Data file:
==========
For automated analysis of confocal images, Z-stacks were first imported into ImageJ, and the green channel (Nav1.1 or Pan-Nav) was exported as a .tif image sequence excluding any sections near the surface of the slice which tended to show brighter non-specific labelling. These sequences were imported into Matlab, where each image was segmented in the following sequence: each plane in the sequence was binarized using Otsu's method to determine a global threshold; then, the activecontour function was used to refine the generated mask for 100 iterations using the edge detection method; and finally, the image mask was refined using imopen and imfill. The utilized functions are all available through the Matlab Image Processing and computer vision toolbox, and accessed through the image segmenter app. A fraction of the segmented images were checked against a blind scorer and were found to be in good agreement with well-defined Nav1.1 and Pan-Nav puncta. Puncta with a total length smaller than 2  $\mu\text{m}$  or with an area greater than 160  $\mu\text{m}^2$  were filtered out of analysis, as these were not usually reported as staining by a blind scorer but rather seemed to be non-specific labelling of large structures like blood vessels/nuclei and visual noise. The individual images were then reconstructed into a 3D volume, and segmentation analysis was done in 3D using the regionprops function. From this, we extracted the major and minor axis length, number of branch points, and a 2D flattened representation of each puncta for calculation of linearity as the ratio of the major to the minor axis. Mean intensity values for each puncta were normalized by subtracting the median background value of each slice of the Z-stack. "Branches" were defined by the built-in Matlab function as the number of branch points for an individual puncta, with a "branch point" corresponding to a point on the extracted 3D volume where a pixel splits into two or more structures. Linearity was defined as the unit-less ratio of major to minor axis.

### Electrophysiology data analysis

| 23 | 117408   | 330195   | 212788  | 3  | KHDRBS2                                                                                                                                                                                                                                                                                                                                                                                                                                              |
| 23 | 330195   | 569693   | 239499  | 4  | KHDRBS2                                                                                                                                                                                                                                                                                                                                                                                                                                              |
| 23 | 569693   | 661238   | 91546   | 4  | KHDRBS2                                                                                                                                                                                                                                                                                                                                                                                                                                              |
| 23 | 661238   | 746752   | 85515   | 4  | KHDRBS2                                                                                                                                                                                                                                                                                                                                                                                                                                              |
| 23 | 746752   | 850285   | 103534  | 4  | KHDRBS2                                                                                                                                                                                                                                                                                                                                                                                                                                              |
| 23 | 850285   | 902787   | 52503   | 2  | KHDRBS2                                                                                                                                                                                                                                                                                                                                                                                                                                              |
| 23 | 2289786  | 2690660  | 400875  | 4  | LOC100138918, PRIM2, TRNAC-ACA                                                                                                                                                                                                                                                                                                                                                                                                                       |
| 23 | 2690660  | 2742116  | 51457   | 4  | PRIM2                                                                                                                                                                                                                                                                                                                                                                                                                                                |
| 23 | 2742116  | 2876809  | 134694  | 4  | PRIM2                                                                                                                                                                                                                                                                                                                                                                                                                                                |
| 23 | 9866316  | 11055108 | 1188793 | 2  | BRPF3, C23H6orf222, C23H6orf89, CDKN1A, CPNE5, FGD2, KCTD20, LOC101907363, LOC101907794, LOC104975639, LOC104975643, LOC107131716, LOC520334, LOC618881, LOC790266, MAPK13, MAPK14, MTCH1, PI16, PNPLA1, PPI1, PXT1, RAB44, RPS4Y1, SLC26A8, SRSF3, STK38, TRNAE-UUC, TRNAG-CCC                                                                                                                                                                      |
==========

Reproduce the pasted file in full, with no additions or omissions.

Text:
For automated analysis of confocal images, Z-stacks were first imported into ImageJ, and the green channel (Nav1.1 or Pan-Nav) was exported as a .tif image sequence excluding any sections near the surface of the slice which tended to show brighter non-specific labelling. These sequences were imported into Matlab, where each image was segmented in the following sequence: each plane in the sequence was binarized using Otsu's method to determine a global threshold; then, the activecontour function was used to refine the generated mask for 100 iterations using the edge detection method; and finally, the image mask was refined using imopen and imfill. The utilized functions are all available through the Matlab Image Processing and computer vision toolbox, and accessed through the image segmenter app. A fraction of the segmented images were checked against a blind scorer and were found to be in good agreement with well-defined Nav1.1 and Pan-Nav puncta. Puncta with a total length smaller than 2  $\mu\text{m}$  or with an area greater than 160  $\mu\text{m}^2$  were filtered out of analysis, as these were not usually reported as staining by a blind scorer but rather seemed to be non-specific labelling of large structures like blood vessels/nuclei and visual noise. The individual images were then reconstructed into a 3D volume, and segmentation analysis was done in 3D using the regionprops function. From this, we extracted the major and minor axis length, number of branch points, and a 2D flattened representation of each puncta for calculation of linearity as the ratio of the major to the minor axis. Mean intensity values for each puncta were normalized by subtracting the median background value of each slice of the Z-stack. "Branches" were defined by the built-in Matlab function as the number of branch points for an individual puncta, with a "branch point" corresponding to a point on the extracted 3D volume where a pixel splits into two or more structures. Linearity was defined as the unit-less ratio of major to minor axis.

### Electrophysiology data analysis

| 23 | 117408   | 330195   | 212788  | 3  | KHDRBS2                                                                                                                                                                                                                                                                                                                                                                                                                                              |
| 23 | 330195   | 569693   | 239499  | 4  | KHDRBS2                                                                                                                                                                                                                                                                                                                                                                                                                                              |
| 23 | 569693   | 661238   | 91546   | 4  | KHDRBS2                                                                                                                                                                                                                                                                                                                                                                                                                                              |
| 23 | 661238   | 746752   | 85515   | 4  | KHDRBS2                                                                                                                                                                                                                                                                                                                                                                                                                                              |
| 23 | 746752   | 850285   | 103534  | 4  | KHDRBS2                                                                                                                                                                                                                                                                                                                                                                                                                                              |
| 23 | 850285   | 902787   | 52503   | 2  | KHDRBS2                                                                                                                                                                                                                                                                                                                                                                                                                                              |
| 23 | 2289786  | 2690660  | 400875  | 4  | LOC100138918, PRIM2, TRNAC-ACA                                                                                                                                                                                                                                                                                                                                                                                                                       |
| 23 | 2690660  | 2742116  | 51457   | 4  | PRIM2                                                                                                                                                                                                                                                                                                                                                                                                                                                |
| 23 | 2742116  | 2876809  | 134694  | 4  | PRIM2                                                                                                                                                                                                                                                                                                                                                                                                                                                |
| 23 | 9866316  | 11055108 | 1188793 | 2  | BRPF3, C23H6orf222, C23H6orf89, CDKN1A, CPNE5, FGD2, KCTD20, LOC101907363, LOC101907794, LOC104975639, LOC104975643, LOC107131716, LOC520334, LOC618881, LOC790266, MAPK13, MAPK14, MTCH1, PI16, PNPLA1, PPI1, PXT1, RAB44, RPS4Y1, SLC26A8, SRSF3, STK38, TRNAE-UUC, TRNAG-CCC                                                                                                                                                                      |